Tokyo Olympics: Peter Bol’s family watch on from Thornlie home as son makes Australia proud in Tokyo

Michael Traill and Samantha RogersThe West Australian
The nation was watching on as Peter Bol raced in the 800m Olympic final but in a house in Thornlie, his family were holding their breath.
Camera IconThe nation was watching on as Peter Bol raced in the 800m Olympic final but in a house in Thornlie, his family were holding their breath.

As Australia was glued to their TV screens, witnessing Perth’s Peter Bol cement his Olympic legacy, one set of eyes could not bear to watch — his mother’s.

Hanan Kuku said she was far too nervous to watch her son take on the world’s best in the Olympic 800 metre race final on Wednesday night.

As she took refuge inside a small side room in the family’s Thornlie home, her living room was bursting to the brim with family and friends fighting over space in front of the TV.

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The crowd of excited and anxious faces began chanting “Peter” before the 27-year-old even took to the starting line.

Trophies and medals earned in his childhood were proudly on display in front of the TV, which occasionally crossed back to the madness inside the lounge room from a well-placed 7NEWS camera stationed inside.

Roars erupted inside as the race began, the chants grew louder and wishful prayers were being made by some of those inside.

Bol, however, fell agonisingly short of a spot on the podium.

Bol fell agonisingly short of a spot on the Olympic podium.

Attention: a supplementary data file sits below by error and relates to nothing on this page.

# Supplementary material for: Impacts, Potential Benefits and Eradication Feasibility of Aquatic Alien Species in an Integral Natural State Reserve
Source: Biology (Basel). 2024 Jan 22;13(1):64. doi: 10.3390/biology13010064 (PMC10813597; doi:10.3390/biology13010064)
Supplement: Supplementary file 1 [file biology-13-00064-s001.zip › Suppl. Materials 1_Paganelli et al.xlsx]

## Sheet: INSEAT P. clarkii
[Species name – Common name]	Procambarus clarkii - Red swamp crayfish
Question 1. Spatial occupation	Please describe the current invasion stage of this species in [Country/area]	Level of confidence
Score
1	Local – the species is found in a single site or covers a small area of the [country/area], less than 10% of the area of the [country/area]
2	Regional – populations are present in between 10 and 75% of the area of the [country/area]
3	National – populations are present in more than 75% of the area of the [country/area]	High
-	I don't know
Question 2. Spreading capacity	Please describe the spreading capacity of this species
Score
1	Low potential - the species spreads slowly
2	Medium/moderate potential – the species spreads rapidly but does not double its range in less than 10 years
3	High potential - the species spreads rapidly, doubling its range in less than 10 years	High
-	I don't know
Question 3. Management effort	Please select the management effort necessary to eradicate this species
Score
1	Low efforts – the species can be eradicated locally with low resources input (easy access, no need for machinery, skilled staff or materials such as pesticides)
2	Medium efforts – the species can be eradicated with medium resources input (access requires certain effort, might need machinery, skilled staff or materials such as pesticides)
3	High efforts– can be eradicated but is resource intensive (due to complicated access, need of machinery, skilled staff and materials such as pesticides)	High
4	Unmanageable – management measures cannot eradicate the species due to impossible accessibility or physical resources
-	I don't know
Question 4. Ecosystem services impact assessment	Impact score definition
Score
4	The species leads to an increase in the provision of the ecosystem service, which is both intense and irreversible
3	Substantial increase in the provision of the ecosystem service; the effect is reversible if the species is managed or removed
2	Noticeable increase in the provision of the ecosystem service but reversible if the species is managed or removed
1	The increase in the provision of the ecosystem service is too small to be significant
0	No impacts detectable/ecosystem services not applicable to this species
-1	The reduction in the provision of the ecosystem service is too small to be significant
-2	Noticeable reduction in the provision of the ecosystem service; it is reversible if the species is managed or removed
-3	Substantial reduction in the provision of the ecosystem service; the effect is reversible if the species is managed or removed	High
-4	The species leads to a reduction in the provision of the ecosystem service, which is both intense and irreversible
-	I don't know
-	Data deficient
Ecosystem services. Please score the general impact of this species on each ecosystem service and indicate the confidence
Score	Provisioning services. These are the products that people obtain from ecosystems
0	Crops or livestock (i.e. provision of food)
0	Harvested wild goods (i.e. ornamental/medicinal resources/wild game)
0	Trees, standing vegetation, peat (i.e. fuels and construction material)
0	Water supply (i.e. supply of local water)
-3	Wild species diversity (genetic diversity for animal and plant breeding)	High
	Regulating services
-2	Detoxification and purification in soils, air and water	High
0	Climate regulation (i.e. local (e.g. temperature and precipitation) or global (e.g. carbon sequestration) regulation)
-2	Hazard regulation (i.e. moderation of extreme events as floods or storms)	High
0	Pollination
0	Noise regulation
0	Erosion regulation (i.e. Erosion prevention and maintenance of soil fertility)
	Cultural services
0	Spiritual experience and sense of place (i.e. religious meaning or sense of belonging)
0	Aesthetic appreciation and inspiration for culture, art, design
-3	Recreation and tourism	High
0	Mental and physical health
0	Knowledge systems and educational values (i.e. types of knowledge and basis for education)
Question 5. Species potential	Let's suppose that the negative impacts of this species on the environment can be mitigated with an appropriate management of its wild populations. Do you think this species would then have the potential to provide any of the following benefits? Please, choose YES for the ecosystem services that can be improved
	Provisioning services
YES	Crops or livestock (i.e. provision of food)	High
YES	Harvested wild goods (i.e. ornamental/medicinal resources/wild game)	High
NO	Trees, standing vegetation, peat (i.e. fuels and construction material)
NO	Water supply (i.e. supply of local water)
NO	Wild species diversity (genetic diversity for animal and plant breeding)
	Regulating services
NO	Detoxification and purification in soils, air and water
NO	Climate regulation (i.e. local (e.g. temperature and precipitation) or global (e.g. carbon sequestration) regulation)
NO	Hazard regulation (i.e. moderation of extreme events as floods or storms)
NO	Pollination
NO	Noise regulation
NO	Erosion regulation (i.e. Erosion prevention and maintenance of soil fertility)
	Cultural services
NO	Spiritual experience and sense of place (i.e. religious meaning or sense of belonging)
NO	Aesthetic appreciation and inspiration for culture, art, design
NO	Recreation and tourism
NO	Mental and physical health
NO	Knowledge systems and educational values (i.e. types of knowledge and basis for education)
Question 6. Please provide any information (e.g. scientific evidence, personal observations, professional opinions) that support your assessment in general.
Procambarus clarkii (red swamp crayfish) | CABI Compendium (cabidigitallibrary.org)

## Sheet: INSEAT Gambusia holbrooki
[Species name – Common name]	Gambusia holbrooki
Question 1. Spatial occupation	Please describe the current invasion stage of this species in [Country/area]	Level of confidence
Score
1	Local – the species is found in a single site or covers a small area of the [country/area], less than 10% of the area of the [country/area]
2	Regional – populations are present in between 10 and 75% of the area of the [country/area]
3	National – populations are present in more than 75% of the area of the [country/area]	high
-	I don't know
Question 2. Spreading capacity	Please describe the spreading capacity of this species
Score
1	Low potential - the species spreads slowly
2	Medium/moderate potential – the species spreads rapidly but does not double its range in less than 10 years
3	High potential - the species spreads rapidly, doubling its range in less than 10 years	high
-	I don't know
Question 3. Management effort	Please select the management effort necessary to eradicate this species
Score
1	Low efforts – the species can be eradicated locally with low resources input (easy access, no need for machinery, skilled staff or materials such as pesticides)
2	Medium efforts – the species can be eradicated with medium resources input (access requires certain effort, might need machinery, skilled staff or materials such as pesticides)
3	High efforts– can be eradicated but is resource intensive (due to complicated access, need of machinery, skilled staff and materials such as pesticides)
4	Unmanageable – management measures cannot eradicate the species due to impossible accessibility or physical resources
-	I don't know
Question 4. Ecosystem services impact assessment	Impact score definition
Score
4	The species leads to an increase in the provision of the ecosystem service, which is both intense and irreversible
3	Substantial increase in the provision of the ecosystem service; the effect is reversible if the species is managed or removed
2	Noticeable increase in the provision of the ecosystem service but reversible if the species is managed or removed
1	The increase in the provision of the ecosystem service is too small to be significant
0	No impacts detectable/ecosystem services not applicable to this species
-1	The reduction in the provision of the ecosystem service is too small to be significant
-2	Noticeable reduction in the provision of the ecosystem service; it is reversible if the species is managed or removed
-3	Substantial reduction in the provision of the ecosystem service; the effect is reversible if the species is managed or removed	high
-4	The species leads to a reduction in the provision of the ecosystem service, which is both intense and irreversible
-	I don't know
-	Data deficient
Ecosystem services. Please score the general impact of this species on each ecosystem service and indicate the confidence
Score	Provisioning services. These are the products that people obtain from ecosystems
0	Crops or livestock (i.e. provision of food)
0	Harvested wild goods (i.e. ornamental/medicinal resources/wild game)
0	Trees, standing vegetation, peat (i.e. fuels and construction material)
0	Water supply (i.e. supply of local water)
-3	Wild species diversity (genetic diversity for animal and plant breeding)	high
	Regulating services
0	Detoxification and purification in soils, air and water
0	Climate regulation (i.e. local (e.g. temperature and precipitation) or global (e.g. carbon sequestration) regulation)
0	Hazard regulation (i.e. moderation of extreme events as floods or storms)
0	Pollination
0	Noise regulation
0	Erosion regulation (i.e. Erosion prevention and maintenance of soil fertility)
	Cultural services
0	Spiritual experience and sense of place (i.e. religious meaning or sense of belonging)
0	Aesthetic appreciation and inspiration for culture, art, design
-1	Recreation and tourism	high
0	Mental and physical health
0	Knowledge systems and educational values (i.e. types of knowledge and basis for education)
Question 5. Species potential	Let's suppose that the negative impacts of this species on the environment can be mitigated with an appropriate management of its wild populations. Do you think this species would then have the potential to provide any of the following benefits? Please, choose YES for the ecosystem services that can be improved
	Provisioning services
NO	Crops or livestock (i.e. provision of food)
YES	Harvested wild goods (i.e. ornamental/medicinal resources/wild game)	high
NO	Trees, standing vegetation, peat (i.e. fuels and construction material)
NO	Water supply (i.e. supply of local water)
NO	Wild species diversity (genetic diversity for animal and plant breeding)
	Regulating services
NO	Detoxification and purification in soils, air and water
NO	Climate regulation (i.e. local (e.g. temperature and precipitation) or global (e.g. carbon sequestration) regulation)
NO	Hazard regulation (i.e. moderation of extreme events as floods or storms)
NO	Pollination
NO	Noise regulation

Camera IconBol fell agonisingly short of a spot on the Olympic podium. Credit: Ryan Pierse/Getty Images

“It’s just been unreal, the support from home,” Bol told Sunrise this morning.

“Even from the (Olympic) village, it’s just been unreal. I’m so grateful for it.

“It’s been a crazy week up here in Tokyo.

“As I saw them all in the house, I just thought they probably need a bigger house, there was so many people watching at home.

“My parents have just always been invested in me as a person and they called me a week before and said ‘you’ve already made us proud’.

“Then my dad said ‘actually, I think you’ve made all of Australia proud’... and that was so important to me.

“It’s kind of an emotional moment for me, seeing them all up on the screens and stuff, it’s been awesome.”

Perth Olympian Peter Bol's family watch him race the 800 metre race in Tokyo
Camera IconPerth Olympian Peter Bol's family watch him race the 800 metre race in Tokyo Credit: The West Australian

Bol’s personal best time of 1:44.11sec. — the Australian record he set in the semifinal — was slower than only two of his rivals in Wednesday night’s final. And his 1:45.92sec., in the race won by Kenya’s Emmanuel Korir, was well outside his best.

“Credit to them, Kenya. They credit themselves on being home of the champions, they’ve dominated the 800m.

“It was never going to be an easy race and they came to win, just like I did.

“But the thing is, everyone in the 800m comes to win and there can only be one winner.”

But the result did not matter to his most avid supporters.

Chants of “Peter who? Peter Bol” and “Aussie Aussie Aussie, oi oi oi” continued well after the 800m run had finished.

Bol’s cousin, Abra Bol, said the support he’s received across Australia gave him motivation heading into the final.

Perth Olympian Peter Bol's family watch him race the 800 metre race in Tokyo
Camera IconPerth Olympian Peter Bol's family watch him race the 800 metre race in Tokyo Credit: The West Australian

“It was amazing. . . As I’ve said a hundred times, win or lose, he’s made us proud, he’s already won gold,” he said.

“Regardless, we’ve made history.

“To see all the support and all the love that Peter is getting, that’s what tonight is about. . . I can’t wait for him to come (back home).”

Bol’s father, Abdalla, said the 27-year-old had already won before Wednesday night’s final began.

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